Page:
“At the grocery [store], if you’re saying I don’t have a coupon for this, it could affect your life,” Nisall said. You might be limiting yourself to processed foods because you have coupons for those items instead of fresh produce. Some processed food — such as canned beans, frozen fruit and whole-grain cereals — can be nutritious, according to Harvard Health. But eating foods with added sugar, sodium and trans fat can lead to health problems.
You might also be hurting your health if you’re opting for inexpensive fast food. “It’s affordable for a lot of people on a tight budget,” Nisall said. But if you’re choosing high-fat foods because they only cost a few bucks, you could be putting your health at risk. Foods high in saturated fat can lead to obesity and increase your blood cholesterol — which is a risk factor for heart disease and stroke, according to the American Heart Association.
Plus, fast food isn’t as cheap as it may seem. Often, you can make healthy meals at home for less.
Working Hard for Your Money Might Kill You
If you’re working several jobs or long hours to rake in more money, you could be putting yourself at risk of having a heart attack or stroke. A study published in The Lancet medical journal found that people who work 55 or more hours per week have a 13 percent greater chance of a heart attack and 33 percent greater chance of a stroke.
Even if you don’t cut your life short by working all of the time to make as much money as possible, you might miss out on actually living your life. Be aware that you might not physically be able to do some of the things you can do now by the time you retire — even if you plan to retire early.
“By putting all that pressure on yourself now, you’re increasing the chances that your freedom will be less free later on due to physical constraints,” said Nisall. You shouldn’t spend all of your time working in the hopes that you’ll be able to relax and enjoy your money later in life.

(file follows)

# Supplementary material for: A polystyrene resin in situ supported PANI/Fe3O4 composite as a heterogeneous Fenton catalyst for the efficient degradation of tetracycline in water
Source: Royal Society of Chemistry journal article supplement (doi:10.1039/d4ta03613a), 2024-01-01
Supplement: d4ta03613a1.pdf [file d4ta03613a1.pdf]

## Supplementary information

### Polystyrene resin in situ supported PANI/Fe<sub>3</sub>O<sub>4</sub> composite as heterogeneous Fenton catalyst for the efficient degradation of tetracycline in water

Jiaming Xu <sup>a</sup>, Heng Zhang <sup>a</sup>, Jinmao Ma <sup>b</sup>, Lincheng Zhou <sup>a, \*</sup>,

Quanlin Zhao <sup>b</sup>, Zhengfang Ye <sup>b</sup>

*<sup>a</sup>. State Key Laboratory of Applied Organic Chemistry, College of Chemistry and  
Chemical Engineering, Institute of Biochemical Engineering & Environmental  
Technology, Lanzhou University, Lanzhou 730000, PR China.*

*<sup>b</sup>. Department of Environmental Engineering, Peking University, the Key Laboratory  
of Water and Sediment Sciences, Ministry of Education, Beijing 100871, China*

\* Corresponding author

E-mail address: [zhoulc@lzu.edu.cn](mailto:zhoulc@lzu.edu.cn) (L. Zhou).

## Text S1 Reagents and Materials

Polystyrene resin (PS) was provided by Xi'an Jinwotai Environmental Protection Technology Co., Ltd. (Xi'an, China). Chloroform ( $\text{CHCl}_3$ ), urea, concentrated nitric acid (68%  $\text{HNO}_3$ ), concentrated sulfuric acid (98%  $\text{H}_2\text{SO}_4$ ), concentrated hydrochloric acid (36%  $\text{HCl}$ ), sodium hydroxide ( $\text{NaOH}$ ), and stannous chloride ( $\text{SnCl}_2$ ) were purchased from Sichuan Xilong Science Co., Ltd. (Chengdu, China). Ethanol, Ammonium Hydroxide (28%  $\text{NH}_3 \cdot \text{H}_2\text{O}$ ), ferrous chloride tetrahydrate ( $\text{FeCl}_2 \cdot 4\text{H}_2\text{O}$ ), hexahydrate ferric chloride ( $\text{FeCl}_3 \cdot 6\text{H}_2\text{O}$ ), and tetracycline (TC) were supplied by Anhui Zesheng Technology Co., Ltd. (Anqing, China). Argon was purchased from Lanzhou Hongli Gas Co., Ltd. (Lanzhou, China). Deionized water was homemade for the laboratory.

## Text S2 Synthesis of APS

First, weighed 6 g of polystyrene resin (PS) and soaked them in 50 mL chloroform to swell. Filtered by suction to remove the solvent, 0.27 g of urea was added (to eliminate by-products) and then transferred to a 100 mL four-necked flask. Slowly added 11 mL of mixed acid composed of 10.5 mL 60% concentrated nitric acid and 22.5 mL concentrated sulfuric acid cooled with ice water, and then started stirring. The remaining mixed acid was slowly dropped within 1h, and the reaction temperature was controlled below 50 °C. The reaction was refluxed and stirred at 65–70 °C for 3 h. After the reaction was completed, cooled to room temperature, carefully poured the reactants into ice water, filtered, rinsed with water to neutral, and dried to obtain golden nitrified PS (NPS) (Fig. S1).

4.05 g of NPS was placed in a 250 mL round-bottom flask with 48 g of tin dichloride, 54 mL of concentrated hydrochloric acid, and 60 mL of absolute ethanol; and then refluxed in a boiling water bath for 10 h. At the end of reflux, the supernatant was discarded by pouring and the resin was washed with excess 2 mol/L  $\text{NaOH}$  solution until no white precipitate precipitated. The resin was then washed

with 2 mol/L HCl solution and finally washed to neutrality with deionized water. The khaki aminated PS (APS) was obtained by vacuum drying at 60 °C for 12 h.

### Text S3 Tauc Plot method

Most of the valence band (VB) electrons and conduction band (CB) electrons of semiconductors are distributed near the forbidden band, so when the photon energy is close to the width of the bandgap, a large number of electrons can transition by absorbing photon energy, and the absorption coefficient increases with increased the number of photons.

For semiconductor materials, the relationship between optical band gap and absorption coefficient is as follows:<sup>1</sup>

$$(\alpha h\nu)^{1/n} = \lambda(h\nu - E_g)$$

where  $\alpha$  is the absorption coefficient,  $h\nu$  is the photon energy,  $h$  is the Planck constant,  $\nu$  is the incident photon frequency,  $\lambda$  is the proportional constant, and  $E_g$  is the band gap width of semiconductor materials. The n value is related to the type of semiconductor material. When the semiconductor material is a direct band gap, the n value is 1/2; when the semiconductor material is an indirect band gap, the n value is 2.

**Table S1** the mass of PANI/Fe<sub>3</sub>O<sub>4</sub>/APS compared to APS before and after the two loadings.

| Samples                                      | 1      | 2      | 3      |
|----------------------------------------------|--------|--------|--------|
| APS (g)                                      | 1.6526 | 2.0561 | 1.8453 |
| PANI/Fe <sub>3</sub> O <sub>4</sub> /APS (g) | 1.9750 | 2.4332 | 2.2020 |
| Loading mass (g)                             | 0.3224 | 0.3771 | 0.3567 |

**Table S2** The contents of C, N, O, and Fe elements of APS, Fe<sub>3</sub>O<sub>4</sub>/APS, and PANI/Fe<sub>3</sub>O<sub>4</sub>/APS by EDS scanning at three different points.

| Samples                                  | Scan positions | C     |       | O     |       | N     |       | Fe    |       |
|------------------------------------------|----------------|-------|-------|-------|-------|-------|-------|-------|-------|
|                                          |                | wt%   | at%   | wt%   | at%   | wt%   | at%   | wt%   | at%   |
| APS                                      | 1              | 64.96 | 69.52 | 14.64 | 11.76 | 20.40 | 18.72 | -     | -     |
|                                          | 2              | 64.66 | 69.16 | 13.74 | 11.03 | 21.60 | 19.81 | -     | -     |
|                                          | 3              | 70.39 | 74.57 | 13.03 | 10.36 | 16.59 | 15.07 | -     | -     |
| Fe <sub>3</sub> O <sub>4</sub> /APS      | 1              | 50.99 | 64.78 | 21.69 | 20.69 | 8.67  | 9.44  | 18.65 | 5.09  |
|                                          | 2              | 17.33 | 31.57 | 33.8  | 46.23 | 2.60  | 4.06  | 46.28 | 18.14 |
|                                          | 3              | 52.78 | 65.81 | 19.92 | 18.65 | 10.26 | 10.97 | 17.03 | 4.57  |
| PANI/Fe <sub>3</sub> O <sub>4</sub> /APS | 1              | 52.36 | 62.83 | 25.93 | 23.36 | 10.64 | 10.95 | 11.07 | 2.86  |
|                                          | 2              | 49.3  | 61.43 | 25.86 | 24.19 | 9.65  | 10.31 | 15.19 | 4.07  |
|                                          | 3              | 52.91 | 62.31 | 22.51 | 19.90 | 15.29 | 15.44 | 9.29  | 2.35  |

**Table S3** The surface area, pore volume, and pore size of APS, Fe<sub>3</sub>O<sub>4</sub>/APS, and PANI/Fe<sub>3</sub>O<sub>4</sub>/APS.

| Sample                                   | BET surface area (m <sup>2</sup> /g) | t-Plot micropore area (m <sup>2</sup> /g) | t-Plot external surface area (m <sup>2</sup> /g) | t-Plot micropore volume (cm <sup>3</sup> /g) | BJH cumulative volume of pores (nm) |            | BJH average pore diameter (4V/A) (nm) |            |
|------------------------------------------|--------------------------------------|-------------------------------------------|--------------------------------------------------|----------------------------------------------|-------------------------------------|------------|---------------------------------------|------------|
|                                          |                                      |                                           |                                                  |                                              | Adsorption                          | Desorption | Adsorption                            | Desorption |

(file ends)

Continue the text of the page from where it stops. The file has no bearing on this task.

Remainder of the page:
“Nothing is guaranteed,” he added. “Tomorrow is not guaranteed.”
Being Too Cheap Can Kill Your Reputation
It’s one thing to be a sensible spender among spendthrifts, Nisall said. But if you’re constantly pinching pennies and obsessing about money, people might think you are a cheapskate.
Nisall said that his parents had a friend who was so tight with his money he didn’t want to shell out for high-speed internet even though it meant he couldn’t use Skype to connect with a grandchild who lived far away. “It turns people off when your obsession is that extreme,” he said.
Related: Signs You’re Actually a Cheapskate
People might not want to hang out with you if you’re always looking for freebies, never want to pay full price or go to extremes to save a buck, he said. Your reputation and social life could suffer as a result.
However, you don’t have to face a life of social isolation if you have to watch your spending. Creative strategies can help you avoid feeling left out — even if you’re always the broke friend.
Extreme Frugality Could Take the Joy Out of Life
If you take frugality or an obsession with saving money to the extreme, you won’t be able to enjoy the things life has to offer, Freedman said.
“That’s why we work: to pay for extras as well as essentials,” she said. Freedman said she used to deny herself just about every luxury. But she realized that giving up little luxuries is a mistake.
“When I was a broke midlife college student, I’d scrape $10 out of my budget to get a ticket to the Seattle Symphony,” Freedman said. “Sure, it would have been nice to put that $10 toward my divorce-related debt — but how wonderful it was to hear live classical music. Totally worth it. If I’d been extremely frugal instead of just really darned frugal, I would have missed out on a life-affirming experience.”
If you feel physical anxiety about spending as Freedman once did, she suggested checking your library for a copy of “Mind Over Money: Overcoming the Money Disorders That Threaten Our Financial Health” or “Emotional Currency: A Woman’s Guide to Building a Healthy Relationship With Money.”
“If books don’t help, I respectfully suggest you get some therapy for this,” she said. “Worrying over every purchase is no way to live.”
Find Out: What’s Your Money Personality?